Photo: Getty Images / Dimitrios Kambouris
10 days after Viacom blacked out its channels for DirecTV customers, the two companies said Friday that they had reached a deal to return programming to satellite subscribers.All 26 Viacom networks, including Nickelodeon, Comedy Central, MTV, BET, CMT, Logo, Spike, TV Land, MTV2, VH1, VH1 Classic, Palladia, Nick Jr., Nicktoons, TeenNick, Tr3s and Centric, will return to DirecTV’s channel lineup immediately.
As part of the deal, DirecTV has an option to add Viacom’s EPIX movie channel. Earlier this week, DirecTV said Viacom’s demand that it carry EPIX killed a potential deal.
“Viacom is extremely pleased to bring its programming back to DirecTV subscribers, and thanks everyone affected by the disruption for their patience and understanding during this challenging period,” Viacom said in a statement.
“It’s unfortunate that Viacom took the channels away from customers to try to gain leverage, but in the end, it’s clear our customers recognised that tactic for what it was,” Derek Chang, executive vice president of DirecTV, said in a statement.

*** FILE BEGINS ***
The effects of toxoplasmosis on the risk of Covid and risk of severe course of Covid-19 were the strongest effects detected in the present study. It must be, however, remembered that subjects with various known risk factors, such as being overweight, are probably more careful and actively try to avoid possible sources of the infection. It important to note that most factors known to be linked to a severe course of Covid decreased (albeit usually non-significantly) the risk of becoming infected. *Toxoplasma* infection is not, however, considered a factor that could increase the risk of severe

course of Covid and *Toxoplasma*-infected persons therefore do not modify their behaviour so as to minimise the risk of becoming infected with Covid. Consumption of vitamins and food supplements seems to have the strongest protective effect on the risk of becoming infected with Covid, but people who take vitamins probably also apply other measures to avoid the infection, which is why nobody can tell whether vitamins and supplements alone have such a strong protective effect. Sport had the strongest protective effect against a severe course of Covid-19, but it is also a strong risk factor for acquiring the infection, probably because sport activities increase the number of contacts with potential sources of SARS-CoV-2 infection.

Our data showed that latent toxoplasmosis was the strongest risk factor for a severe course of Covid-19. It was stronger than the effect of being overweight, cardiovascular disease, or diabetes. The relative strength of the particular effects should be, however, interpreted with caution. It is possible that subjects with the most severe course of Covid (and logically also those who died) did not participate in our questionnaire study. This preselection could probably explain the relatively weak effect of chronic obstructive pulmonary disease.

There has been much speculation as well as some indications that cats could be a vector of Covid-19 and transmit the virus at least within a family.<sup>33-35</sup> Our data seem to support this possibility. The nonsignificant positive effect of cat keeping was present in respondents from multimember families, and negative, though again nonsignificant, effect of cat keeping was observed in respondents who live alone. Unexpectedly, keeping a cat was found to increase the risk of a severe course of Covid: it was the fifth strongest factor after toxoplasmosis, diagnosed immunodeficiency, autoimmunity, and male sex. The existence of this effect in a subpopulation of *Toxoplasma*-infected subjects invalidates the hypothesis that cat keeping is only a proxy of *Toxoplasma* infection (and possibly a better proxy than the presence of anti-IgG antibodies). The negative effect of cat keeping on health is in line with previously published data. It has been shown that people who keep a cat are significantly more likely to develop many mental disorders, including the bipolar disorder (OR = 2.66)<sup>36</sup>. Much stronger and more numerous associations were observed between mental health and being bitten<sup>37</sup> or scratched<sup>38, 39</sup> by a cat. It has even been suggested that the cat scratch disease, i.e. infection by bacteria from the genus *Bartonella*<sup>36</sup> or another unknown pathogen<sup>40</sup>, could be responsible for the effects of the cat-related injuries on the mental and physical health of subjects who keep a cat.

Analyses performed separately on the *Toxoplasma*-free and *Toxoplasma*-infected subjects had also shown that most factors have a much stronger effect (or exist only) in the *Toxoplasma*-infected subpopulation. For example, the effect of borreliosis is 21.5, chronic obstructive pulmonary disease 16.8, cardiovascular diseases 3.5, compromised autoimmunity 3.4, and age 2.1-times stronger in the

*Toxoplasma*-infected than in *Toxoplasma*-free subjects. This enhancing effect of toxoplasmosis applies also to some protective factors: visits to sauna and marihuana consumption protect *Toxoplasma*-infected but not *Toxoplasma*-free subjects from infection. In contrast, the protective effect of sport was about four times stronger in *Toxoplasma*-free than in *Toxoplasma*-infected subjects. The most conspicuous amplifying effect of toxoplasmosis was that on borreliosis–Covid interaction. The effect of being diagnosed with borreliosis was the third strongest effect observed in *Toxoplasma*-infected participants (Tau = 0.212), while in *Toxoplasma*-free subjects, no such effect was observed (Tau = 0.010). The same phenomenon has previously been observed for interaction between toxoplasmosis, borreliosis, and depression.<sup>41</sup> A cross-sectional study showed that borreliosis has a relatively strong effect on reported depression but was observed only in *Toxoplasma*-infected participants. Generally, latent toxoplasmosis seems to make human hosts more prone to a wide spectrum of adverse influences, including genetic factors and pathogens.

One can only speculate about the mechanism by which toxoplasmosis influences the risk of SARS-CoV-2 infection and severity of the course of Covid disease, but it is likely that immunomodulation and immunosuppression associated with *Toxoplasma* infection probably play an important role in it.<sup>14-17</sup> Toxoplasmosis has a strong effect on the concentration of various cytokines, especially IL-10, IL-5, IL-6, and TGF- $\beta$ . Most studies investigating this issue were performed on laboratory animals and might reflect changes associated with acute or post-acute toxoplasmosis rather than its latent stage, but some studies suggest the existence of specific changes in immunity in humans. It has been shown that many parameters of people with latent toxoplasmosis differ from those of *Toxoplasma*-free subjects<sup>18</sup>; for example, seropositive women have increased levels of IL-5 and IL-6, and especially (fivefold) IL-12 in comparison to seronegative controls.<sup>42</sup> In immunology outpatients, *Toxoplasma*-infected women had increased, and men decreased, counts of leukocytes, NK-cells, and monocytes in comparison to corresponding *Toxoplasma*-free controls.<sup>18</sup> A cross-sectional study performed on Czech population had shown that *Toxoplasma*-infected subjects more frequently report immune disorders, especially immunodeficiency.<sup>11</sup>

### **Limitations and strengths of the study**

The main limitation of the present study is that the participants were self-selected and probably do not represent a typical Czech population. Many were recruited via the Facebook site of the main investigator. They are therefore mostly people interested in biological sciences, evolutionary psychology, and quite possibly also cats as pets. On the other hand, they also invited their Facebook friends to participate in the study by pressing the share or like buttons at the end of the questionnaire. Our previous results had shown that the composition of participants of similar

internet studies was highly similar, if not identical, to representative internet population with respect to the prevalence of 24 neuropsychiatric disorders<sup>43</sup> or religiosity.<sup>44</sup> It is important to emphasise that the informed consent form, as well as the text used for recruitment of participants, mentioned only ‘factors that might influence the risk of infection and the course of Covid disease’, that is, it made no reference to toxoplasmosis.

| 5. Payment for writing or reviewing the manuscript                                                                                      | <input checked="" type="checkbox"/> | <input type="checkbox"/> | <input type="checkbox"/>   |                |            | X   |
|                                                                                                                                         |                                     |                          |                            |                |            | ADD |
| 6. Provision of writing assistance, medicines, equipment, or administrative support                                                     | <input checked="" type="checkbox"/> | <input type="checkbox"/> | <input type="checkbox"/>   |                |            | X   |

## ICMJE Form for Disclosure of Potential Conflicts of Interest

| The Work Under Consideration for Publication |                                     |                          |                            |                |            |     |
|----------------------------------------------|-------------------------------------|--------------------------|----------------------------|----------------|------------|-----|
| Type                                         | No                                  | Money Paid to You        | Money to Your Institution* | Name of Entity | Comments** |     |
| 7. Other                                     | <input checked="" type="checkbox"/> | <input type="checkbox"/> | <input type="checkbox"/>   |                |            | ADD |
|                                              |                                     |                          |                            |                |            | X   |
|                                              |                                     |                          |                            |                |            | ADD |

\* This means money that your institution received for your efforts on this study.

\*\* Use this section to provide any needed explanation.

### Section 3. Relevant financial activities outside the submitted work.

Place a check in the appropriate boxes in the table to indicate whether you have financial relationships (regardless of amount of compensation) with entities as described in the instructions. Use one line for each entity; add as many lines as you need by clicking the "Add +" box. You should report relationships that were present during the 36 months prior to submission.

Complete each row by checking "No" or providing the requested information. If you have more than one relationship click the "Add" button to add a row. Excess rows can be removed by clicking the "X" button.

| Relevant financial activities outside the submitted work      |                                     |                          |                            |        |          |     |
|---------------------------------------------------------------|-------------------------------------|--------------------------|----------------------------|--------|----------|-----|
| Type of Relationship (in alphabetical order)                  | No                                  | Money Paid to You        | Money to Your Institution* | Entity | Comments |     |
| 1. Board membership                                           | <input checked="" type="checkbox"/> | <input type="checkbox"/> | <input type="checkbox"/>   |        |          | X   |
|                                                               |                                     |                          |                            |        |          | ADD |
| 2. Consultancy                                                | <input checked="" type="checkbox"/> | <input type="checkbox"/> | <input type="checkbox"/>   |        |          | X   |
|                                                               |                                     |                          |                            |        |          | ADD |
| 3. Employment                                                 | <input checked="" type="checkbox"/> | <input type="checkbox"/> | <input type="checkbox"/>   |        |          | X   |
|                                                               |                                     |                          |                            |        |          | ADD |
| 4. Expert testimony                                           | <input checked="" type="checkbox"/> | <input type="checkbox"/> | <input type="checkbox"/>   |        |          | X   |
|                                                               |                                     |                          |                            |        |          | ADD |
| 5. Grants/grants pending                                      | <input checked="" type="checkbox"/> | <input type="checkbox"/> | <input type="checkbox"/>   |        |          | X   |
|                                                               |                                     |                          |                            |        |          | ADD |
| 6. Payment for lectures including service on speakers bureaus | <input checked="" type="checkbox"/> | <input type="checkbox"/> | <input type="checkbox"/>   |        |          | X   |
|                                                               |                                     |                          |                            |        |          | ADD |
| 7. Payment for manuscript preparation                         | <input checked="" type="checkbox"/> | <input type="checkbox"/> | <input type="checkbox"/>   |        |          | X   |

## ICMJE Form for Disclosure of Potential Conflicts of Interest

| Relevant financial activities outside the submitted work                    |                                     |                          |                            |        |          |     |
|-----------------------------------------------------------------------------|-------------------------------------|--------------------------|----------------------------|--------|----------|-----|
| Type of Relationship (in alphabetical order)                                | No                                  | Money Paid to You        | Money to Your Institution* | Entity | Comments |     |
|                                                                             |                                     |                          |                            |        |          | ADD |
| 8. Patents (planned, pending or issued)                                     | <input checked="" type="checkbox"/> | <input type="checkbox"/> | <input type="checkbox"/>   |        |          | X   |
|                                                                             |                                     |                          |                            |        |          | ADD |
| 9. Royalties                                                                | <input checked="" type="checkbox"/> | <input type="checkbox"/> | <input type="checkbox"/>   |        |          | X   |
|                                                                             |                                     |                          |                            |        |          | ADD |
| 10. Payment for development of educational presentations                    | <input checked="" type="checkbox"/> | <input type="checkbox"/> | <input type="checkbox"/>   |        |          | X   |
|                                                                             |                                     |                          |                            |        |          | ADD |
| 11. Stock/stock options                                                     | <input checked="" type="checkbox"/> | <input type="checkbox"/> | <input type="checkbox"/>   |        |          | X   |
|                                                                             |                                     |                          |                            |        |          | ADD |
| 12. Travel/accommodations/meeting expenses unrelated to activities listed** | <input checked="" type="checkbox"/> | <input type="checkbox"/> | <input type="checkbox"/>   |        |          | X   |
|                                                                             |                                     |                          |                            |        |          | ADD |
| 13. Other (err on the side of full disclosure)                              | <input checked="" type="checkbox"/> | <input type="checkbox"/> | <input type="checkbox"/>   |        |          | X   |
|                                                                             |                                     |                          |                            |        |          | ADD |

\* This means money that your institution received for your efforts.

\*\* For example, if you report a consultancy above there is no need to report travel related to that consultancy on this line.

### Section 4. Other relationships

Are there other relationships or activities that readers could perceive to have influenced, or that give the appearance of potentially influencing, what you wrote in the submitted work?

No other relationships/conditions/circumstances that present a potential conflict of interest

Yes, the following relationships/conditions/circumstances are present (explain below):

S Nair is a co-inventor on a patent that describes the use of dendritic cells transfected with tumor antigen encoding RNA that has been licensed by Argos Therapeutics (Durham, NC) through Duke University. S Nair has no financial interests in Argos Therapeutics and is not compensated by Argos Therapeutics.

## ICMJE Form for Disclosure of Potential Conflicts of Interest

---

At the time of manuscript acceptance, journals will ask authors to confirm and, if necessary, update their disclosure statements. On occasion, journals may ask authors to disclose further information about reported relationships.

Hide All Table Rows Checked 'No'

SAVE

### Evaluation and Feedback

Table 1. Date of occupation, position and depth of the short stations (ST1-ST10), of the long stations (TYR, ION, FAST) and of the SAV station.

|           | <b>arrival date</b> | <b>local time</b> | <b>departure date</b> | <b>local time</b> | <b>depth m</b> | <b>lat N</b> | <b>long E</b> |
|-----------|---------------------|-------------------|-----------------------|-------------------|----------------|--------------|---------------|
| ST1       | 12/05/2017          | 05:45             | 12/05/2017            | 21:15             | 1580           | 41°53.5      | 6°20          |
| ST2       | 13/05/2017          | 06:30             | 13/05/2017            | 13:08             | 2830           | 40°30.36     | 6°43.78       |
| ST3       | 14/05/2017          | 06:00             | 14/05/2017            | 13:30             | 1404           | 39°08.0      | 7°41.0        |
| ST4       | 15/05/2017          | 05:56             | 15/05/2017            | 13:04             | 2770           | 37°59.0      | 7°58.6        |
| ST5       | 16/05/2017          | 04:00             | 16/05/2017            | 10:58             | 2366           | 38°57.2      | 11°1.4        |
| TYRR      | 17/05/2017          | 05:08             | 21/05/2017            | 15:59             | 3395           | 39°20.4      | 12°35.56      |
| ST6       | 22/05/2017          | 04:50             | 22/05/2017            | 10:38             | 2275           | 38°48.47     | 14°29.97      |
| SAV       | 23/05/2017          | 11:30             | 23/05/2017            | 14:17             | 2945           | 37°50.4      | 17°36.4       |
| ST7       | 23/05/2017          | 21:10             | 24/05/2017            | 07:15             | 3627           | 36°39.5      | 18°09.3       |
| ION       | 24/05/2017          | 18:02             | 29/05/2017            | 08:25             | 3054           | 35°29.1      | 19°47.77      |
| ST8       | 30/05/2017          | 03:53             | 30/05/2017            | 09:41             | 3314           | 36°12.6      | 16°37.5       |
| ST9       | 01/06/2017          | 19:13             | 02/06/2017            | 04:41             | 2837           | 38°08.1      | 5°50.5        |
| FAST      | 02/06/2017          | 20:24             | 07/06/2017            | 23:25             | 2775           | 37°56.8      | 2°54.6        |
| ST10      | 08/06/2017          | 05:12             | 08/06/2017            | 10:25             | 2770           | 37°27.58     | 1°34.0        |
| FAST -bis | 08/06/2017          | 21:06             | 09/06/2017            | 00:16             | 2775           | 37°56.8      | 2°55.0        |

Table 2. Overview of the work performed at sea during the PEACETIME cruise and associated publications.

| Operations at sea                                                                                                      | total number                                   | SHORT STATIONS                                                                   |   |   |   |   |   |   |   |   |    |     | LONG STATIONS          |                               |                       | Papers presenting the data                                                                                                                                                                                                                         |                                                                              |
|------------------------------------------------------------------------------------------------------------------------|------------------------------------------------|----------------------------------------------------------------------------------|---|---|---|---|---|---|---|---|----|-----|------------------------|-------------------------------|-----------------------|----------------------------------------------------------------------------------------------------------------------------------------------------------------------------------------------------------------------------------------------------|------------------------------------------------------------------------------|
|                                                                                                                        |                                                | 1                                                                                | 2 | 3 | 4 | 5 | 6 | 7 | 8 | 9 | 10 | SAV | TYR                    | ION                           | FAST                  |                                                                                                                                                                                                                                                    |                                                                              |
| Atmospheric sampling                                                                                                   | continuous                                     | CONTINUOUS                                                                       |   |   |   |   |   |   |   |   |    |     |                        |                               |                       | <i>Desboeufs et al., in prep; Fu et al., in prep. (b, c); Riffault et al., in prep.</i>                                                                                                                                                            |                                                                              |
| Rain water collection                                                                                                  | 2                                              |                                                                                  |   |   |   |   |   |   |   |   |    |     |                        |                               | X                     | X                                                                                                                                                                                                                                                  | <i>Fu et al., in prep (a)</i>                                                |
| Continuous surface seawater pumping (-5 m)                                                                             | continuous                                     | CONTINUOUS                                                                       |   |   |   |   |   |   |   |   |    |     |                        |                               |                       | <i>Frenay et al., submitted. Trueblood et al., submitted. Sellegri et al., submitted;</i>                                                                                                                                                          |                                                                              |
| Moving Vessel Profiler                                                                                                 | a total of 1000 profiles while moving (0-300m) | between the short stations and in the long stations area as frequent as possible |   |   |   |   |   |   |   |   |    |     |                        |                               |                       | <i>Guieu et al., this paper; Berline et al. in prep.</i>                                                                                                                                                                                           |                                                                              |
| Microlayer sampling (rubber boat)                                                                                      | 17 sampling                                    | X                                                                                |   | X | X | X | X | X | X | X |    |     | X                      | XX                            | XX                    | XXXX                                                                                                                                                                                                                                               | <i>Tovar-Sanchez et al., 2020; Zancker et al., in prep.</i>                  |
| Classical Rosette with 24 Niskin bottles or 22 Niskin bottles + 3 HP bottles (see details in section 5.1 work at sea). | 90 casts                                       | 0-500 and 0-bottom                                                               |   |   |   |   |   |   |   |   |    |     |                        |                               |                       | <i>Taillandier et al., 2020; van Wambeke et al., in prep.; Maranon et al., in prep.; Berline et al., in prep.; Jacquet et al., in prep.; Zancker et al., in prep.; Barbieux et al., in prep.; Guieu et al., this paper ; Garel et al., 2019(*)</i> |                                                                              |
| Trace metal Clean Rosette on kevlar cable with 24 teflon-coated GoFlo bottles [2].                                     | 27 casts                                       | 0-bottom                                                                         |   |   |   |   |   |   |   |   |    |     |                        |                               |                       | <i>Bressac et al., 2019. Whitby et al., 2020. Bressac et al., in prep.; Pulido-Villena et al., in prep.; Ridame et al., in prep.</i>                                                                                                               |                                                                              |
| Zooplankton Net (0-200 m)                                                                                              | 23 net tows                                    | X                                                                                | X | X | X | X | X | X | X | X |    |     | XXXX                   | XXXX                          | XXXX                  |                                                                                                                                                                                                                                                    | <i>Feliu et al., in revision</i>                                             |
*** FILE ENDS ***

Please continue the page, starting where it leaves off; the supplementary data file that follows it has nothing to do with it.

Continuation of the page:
During the latest blackout, Viacom estimated that 20 million customers lost their networks.
No terms were disclosed, but DirecTV said earlier in the dispute that Viacom was seeking fee increases of 30 per cent, or more than one billion dollars. Viacom contended that the increases would amount to pennies a day for customers.
The fight between DirecTV and Viacom became so pitched, with ad campaigns blaming each other, that Comedy Central star Jon Stewart blasted both companies on the “Daily Show.”
“Viacom and DirecTV, what are you doing here? You got ad campaigns blaming each other for taking the shows away, telling people to “rise up and demand it” like some kind of basic cable Arab Spring. I’ve got news for you: It’s not,” the “Daily Show” the host said.
The dispute between the two media companies was just the latest skirmish in a seemingly unending battle between cable and satellite companies and content creators over the fees they charge to carry their channels. It is a conflict that has previously ensnared the likes of Comcast, News Corp., Disney and Dish, and carries with it the specter of government intervention.
Cable providers blame escalating retransmission fees for rising subscription costs, while content creators counter that they are only asking to be compensated for the enormous expense of producing the shows that entice people to pay the cable bill in the first place.
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